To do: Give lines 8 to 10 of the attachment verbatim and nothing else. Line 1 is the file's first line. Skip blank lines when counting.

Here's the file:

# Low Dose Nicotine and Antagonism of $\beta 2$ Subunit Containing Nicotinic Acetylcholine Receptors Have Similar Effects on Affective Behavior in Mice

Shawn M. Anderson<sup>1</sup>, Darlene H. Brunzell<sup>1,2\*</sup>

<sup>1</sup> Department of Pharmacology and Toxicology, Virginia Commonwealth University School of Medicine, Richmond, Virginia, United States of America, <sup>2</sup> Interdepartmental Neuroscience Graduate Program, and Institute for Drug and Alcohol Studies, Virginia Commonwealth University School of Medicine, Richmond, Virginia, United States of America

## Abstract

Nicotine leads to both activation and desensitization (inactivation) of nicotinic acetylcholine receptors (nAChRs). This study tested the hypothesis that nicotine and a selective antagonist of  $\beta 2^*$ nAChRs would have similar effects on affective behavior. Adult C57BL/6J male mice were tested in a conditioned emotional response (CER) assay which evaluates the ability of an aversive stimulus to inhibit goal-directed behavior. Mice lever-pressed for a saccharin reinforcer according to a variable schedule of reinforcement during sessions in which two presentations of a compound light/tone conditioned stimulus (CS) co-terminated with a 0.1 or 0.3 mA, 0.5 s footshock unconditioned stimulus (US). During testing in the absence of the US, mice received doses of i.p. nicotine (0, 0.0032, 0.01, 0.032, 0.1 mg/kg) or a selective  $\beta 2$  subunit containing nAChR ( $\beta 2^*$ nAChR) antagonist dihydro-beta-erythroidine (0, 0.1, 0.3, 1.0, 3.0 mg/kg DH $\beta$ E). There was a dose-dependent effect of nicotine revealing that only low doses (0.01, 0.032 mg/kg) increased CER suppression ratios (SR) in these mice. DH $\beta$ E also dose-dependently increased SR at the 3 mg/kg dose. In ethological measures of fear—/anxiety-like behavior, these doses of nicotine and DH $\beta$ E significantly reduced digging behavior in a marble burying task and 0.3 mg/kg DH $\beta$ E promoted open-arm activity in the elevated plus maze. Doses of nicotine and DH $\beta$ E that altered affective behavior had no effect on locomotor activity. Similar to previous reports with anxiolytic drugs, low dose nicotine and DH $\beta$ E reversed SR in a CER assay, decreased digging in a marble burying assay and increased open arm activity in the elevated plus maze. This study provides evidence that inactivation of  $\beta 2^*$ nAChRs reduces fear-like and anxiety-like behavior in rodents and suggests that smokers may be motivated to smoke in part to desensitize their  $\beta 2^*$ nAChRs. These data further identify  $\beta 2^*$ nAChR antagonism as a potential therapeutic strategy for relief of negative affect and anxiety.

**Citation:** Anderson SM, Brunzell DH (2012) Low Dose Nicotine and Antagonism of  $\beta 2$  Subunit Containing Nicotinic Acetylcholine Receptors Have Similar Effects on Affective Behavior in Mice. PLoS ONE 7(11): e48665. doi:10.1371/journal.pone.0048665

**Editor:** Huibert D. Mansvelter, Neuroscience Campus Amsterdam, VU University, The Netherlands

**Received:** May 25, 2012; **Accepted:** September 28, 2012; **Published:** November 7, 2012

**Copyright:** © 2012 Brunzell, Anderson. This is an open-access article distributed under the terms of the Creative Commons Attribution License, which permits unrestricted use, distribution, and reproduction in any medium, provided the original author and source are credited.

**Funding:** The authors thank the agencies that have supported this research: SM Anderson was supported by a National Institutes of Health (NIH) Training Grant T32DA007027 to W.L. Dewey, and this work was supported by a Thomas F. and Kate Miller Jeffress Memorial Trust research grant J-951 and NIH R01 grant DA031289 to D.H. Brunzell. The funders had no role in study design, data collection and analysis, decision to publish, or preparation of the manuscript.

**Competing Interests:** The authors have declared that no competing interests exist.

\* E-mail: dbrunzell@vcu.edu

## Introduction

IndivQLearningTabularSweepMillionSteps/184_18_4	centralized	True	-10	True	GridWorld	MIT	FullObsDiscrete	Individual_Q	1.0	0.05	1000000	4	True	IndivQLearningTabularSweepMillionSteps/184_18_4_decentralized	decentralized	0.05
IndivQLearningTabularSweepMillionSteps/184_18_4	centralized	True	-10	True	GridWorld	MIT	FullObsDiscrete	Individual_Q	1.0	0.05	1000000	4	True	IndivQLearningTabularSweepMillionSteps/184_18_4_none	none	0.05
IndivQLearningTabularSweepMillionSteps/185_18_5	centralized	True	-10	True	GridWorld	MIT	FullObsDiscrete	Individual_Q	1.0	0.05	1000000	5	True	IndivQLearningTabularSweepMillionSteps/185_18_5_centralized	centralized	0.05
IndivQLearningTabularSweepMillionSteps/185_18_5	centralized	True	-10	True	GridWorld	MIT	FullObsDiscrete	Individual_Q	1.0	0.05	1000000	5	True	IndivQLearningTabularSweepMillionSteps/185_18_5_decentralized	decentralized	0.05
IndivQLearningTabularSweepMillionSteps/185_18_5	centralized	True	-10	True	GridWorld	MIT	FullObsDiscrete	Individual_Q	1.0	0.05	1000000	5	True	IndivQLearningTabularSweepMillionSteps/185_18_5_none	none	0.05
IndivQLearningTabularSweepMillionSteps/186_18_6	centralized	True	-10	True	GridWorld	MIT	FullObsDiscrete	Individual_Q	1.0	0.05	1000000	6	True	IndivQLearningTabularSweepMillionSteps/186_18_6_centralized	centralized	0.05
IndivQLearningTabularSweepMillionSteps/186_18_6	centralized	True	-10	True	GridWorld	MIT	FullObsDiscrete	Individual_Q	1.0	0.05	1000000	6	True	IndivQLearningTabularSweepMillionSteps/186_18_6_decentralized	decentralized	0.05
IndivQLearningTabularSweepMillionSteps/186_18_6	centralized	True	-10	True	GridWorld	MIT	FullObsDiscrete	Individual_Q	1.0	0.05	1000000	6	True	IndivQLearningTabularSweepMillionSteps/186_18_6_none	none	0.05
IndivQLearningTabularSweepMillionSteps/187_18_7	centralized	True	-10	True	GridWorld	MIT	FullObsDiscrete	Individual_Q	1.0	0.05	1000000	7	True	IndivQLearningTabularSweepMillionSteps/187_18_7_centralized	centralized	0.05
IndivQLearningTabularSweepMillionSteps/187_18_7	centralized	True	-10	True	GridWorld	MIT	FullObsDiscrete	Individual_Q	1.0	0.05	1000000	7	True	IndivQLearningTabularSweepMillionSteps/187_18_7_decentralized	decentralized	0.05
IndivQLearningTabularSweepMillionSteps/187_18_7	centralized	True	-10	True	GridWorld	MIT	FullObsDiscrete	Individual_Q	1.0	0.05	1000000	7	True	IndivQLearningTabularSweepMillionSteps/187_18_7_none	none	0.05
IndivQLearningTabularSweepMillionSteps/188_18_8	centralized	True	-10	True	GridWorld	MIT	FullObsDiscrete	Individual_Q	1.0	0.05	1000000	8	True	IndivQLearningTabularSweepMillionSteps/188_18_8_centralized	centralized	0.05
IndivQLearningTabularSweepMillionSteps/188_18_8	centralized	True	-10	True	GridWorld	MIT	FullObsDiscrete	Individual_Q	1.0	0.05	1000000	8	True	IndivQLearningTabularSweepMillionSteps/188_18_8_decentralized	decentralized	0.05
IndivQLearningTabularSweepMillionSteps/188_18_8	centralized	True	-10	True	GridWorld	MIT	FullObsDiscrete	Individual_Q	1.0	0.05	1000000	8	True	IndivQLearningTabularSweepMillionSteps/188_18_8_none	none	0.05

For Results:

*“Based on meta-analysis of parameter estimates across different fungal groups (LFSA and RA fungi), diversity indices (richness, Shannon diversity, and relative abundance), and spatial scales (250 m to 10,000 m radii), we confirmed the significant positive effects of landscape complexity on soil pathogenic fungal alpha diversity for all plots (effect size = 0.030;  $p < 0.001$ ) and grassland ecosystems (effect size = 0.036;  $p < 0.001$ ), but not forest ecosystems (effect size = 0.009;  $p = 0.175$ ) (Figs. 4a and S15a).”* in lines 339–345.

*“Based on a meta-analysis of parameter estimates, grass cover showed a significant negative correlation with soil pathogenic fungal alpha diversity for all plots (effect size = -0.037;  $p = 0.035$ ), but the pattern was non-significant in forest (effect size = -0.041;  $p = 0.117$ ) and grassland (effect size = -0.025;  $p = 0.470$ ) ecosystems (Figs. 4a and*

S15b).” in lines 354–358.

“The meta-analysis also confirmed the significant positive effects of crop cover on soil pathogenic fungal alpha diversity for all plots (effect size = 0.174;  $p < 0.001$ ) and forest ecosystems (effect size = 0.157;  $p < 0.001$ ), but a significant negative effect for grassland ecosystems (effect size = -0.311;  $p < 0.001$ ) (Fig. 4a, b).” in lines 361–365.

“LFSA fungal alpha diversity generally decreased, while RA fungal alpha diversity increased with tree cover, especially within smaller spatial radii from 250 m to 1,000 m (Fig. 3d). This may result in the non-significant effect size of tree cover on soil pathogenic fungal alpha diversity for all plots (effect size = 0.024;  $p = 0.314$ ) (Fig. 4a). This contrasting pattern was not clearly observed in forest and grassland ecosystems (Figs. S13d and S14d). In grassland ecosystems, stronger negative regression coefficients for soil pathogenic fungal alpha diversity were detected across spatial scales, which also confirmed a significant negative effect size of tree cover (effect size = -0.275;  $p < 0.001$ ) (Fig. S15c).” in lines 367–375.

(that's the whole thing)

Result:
**Received:** May 25, 2012; **Accepted:** September 28, 2012; **Published:** November 7, 2012

**Copyright:** © 2012 Brunzell, Anderson. This is an open-access article distributed under the terms of the Creative Commons Attribution License, which permits unrestricted use, distribution, and reproduction in any medium, provided the original author and source are credited.

**Funding:** The authors thank the agencies that have supported this research: SM Anderson was supported by a National Institutes of Health (NIH) Training Grant T32DA007027 to W.L. Dewey, and this work was supported by a Thomas F. and Kate Miller Jeffress Memorial Trust research grant J-951 and NIH R01 grant DA031289 to D.H. Brunzell. The funders had no role in study design, data collection and analysis, decision to publish, or preparation of the manuscript.